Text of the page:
In fact, there is tremendous variability in surgical care by hospitals and doctors. But there's been little specific, comparative feedback.
"I have been practicing over 15 years," Flum says. "I have never received a report about my performance, whether I'm doing a good job or a bad job."
Signing up for SCOAP allowed hospitals and doctors to see how their work compared to others' and to national standards. For example, on average, one of every five patients on high-blood-pressure medications before surgery wasn't getting the pills later — tripling heart-attack risk. Three years ago, Flum, who considers himself a "good doctor," made that mistake. The patient survived, but a checklist could have averted a close call.
Before the UW started using the comprehensive checklist about six months ago, the UW had an "unacceptable level" of such mistakes, Dellinger said. Since then, Flum said, there hasn't been a "miss."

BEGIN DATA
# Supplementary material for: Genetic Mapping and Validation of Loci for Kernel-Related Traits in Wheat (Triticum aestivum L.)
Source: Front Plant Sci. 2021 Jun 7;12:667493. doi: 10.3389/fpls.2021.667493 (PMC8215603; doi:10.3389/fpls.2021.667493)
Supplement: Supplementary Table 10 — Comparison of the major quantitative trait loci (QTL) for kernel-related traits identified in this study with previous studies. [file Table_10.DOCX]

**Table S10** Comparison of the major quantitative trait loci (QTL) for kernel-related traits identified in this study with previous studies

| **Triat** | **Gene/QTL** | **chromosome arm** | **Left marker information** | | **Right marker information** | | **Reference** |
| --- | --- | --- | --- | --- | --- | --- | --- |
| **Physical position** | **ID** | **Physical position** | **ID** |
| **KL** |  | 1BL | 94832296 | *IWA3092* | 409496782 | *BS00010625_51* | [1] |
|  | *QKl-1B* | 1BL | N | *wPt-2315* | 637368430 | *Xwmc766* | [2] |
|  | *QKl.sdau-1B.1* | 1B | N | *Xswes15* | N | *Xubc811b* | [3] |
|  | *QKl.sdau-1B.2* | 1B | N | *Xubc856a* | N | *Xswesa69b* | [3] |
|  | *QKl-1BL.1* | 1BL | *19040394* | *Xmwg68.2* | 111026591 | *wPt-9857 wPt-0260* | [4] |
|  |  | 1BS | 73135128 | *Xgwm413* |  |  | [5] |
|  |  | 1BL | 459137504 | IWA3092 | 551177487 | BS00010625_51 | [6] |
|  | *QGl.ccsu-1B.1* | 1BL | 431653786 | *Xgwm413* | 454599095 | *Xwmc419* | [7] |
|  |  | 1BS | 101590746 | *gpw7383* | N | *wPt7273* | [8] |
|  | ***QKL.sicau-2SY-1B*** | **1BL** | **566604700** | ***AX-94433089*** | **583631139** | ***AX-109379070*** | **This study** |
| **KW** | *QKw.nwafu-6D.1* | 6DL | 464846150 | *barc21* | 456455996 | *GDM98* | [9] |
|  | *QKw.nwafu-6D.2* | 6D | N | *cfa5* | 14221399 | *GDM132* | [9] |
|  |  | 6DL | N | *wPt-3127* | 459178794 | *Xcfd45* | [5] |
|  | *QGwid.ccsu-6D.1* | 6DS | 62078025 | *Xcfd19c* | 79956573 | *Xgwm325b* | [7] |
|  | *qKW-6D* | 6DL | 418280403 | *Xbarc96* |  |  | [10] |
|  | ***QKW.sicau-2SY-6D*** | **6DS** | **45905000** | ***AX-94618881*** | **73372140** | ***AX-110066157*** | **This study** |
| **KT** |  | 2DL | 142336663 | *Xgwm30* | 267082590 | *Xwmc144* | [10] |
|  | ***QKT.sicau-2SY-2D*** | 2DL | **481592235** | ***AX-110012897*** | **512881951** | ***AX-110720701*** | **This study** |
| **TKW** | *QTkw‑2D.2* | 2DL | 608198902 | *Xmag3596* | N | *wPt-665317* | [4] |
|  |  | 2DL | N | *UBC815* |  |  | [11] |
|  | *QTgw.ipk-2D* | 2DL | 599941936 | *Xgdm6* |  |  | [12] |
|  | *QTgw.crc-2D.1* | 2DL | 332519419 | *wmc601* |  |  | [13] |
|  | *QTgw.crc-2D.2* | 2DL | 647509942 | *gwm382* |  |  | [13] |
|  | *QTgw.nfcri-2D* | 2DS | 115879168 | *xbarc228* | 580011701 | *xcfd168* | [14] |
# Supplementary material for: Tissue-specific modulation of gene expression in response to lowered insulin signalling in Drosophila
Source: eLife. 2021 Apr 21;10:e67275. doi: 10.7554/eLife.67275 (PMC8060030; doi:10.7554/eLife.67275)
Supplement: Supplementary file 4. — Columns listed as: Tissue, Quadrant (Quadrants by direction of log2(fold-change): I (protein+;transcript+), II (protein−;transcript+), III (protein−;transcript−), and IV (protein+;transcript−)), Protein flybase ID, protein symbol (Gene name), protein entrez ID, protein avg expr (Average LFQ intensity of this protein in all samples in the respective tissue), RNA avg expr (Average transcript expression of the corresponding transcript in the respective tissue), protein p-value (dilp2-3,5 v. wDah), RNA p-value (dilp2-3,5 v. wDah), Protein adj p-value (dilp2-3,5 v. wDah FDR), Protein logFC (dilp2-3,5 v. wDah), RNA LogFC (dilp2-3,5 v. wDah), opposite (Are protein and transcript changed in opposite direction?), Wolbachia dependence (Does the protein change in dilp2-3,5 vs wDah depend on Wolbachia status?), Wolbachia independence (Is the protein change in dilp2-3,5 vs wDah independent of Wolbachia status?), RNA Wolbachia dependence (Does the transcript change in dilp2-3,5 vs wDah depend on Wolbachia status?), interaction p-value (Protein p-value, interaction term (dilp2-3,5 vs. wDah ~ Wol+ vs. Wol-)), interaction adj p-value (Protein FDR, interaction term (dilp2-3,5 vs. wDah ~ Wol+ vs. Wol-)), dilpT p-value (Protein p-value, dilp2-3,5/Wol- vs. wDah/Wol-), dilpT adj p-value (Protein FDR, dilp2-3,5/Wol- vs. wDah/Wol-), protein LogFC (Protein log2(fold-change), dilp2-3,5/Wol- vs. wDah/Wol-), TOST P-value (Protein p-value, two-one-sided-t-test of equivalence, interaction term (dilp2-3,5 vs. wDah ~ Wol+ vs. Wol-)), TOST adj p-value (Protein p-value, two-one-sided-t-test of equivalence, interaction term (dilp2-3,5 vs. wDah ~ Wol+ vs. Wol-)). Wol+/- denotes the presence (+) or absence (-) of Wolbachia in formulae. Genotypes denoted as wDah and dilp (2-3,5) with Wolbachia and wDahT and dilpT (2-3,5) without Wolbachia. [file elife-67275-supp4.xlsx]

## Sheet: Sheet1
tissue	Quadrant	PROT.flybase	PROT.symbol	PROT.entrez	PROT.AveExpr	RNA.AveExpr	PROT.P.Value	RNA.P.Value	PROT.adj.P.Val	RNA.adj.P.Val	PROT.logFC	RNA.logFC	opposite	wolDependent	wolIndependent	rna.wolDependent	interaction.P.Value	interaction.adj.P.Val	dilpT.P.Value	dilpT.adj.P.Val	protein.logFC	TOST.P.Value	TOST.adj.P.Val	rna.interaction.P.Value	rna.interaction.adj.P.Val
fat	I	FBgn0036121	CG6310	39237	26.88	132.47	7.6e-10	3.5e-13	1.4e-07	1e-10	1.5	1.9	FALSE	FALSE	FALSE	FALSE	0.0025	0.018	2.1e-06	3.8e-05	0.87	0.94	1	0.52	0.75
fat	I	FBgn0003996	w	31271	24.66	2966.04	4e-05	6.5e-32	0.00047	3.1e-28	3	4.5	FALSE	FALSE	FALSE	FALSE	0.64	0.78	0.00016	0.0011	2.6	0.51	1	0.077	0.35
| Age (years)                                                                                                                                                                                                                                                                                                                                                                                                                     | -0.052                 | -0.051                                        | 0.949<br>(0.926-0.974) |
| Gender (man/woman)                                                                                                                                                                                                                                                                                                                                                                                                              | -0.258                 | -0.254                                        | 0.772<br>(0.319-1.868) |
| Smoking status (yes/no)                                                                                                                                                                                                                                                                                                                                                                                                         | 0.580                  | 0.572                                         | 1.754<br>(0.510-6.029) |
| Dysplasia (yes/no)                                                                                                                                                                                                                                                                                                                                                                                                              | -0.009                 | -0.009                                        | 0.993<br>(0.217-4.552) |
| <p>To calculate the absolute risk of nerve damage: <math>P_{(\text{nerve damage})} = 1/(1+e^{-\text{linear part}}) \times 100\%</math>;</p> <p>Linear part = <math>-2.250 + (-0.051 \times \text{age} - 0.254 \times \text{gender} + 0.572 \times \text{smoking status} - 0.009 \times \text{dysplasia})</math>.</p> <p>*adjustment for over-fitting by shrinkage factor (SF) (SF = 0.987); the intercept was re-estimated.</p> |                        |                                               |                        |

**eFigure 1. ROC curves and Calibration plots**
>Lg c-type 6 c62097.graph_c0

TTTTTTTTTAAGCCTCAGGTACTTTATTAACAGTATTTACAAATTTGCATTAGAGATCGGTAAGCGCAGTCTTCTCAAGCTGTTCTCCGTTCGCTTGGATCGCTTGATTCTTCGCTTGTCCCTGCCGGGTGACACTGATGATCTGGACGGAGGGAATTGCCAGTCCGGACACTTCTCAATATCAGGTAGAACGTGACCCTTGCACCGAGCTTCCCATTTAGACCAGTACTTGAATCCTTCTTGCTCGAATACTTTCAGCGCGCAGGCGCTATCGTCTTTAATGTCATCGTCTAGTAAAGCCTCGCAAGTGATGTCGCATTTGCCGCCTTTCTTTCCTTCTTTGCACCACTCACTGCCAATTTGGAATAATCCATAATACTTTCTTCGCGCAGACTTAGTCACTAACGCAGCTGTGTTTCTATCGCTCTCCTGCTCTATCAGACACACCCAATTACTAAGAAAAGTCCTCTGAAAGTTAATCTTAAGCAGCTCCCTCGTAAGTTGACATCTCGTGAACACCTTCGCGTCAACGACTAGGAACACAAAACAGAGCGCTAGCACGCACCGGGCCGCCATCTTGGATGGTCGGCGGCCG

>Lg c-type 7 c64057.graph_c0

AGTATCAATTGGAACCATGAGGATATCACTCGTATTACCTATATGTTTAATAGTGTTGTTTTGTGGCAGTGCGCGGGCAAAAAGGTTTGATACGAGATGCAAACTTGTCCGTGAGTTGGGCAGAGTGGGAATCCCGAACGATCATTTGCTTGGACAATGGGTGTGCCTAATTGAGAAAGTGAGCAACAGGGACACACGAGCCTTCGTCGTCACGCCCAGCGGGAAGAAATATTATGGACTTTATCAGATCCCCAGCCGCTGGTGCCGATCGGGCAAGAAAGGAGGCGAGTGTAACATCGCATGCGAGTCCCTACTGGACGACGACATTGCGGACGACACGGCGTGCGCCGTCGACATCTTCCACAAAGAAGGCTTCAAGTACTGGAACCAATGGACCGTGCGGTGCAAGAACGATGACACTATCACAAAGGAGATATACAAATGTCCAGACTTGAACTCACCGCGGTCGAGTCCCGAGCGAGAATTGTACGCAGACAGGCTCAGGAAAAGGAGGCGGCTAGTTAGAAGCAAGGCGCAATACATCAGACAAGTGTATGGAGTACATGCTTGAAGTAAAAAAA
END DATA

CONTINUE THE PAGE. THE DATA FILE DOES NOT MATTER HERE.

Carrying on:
Last week, Flum signed up the 30th hospital for SCOAP; he's aiming for all 46 hospitals in the state by the end of 2009. The Washington State Hospital Association's Carol Wagner said a survey of hospitals found "a lot of excitement" about using checklists to improve care.
Getting surgeons on board, however, required finesse.
"Right now, it's still acceptable for a surgeon to say, 'You know what? I don't do it that way in my room,' " Flum says. "There is a very autonomous streak in American health-care leaders. It's led to tremendous innovation, but it's also led to many problems."
When Dellinger first proposed the checklist idea to his colleagues, not everyone was enthusiastic, he recalled. One said, "I guess that's OK — as long as I don't have to do anything I'm not doing now."
Having detailed, surgeon-specific data has helped Flum sell the checklist as a way to make sure everything is done.